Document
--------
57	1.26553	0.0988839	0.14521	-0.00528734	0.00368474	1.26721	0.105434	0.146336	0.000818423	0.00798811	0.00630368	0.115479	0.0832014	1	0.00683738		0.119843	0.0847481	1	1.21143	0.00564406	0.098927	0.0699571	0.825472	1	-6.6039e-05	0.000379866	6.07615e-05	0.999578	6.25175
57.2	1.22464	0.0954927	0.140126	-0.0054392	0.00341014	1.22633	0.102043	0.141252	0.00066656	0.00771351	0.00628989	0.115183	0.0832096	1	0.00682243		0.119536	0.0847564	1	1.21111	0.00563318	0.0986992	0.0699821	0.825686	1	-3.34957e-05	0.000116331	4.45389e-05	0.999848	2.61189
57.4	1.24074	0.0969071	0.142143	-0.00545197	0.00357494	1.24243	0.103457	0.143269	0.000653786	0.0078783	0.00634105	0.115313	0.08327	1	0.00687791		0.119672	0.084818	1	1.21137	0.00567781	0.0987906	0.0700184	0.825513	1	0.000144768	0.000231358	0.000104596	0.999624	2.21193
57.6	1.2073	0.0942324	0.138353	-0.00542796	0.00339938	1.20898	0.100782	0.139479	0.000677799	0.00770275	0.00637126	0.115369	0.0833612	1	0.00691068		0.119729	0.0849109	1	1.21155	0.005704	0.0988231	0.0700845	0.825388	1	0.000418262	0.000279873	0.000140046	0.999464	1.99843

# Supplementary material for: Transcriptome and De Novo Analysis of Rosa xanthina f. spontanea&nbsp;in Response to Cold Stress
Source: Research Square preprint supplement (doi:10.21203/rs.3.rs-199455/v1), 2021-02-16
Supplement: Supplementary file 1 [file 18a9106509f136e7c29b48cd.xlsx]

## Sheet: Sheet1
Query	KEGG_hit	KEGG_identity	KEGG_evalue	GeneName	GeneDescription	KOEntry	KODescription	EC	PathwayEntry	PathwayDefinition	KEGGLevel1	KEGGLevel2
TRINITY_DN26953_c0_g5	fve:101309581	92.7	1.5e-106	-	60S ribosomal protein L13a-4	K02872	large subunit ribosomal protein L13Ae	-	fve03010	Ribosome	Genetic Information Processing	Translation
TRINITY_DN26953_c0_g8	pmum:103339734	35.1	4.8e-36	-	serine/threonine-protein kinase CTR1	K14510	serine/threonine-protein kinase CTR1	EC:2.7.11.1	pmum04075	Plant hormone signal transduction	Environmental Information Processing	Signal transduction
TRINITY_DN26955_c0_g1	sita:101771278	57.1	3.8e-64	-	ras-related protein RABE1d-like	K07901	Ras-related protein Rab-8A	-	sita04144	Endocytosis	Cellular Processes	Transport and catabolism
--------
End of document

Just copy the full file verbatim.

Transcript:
57	1.26553	0.0988839	0.14521	-0.00528734	0.00368474	1.26721	0.105434	0.146336	0.000818423	0.00798811	0.00630368	0.115479	0.0832014	1	0.00683738		0.119843	0.0847481	1	1.21143	0.00564406	0.098927	0.0699571	0.825472	1	-6.6039e-05	0.000379866	6.07615e-05	0.999578	6.25175
57.2	1.22464	0.0954927	0.140126	-0.0054392	0.00341014	1.22633	0.102043	0.141252	0.00066656	0.00771351	0.00628989	0.115183	0.0832096	1	0.00682243		0.119536	0.0847564	1	1.21111	0.00563318	0.0986992	0.0699821	0.825686	1	-3.34957e-05	0.000116331	4.45389e-05	0.999848	2.61189
57.4	1.24074	0.0969071	0.142143	-0.00545197	0.00357494	1.24243	0.103457	0.143269	0.000653786	0.0078783	0.00634105	0.115313	0.08327	1	0.00687791		0.119672	0.084818	1	1.21137	0.00567781	0.0987906	0.0700184	0.825513	1	0.000144768	0.000231358	0.000104596	0.999624	2.21193
57.6	1.2073	0.0942324	0.138353	-0.00542796	0.00339938	1.20898	0.100782	0.139479	0.000677799	0.00770275	0.00637126	0.115369	0.0833612	1	0.00691068		0.119729	0.0849109	1	1.21155	0.005704	0.0988231	0.0700845	0.825388	1	0.000418262	0.000279873	0.000140046	0.999464	1.99843

# Supplementary material for: Transcriptome and De Novo Analysis of Rosa xanthina f. spontanea&nbsp;in Response to Cold Stress
Source: Research Square preprint supplement (doi:10.21203/rs.3.rs-199455/v1), 2021-02-16
Supplement: Supplementary file 1 [file 18a9106509f136e7c29b48cd.xlsx]

## Sheet: Sheet1
Query	KEGG_hit	KEGG_identity	KEGG_evalue	GeneName	GeneDescription	KOEntry	KODescription	EC	PathwayEntry	PathwayDefinition	KEGGLevel1	KEGGLevel2
TRINITY_DN26953_c0_g5	fve:101309581	92.7	1.5e-106	-	60S ribosomal protein L13a-4	K02872	large subunit ribosomal protein L13Ae	-	fve03010	Ribosome	Genetic Information Processing	Translation
TRINITY_DN26953_c0_g8	pmum:103339734	35.1	4.8e-36	-	serine/threonine-protein kinase CTR1	K14510	serine/threonine-protein kinase CTR1	EC:2.7.11.1	pmum04075	Plant hormone signal transduction	Environmental Information Processing	Signal transduction
TRINITY_DN26955_c0_g1	sita:101771278	57.1	3.8e-64	-	ras-related protein RABE1d-like	K07901	Ras-related protein Rab-8A	-	sita04144	Endocytosis	Cellular Processes	Transport and catabolism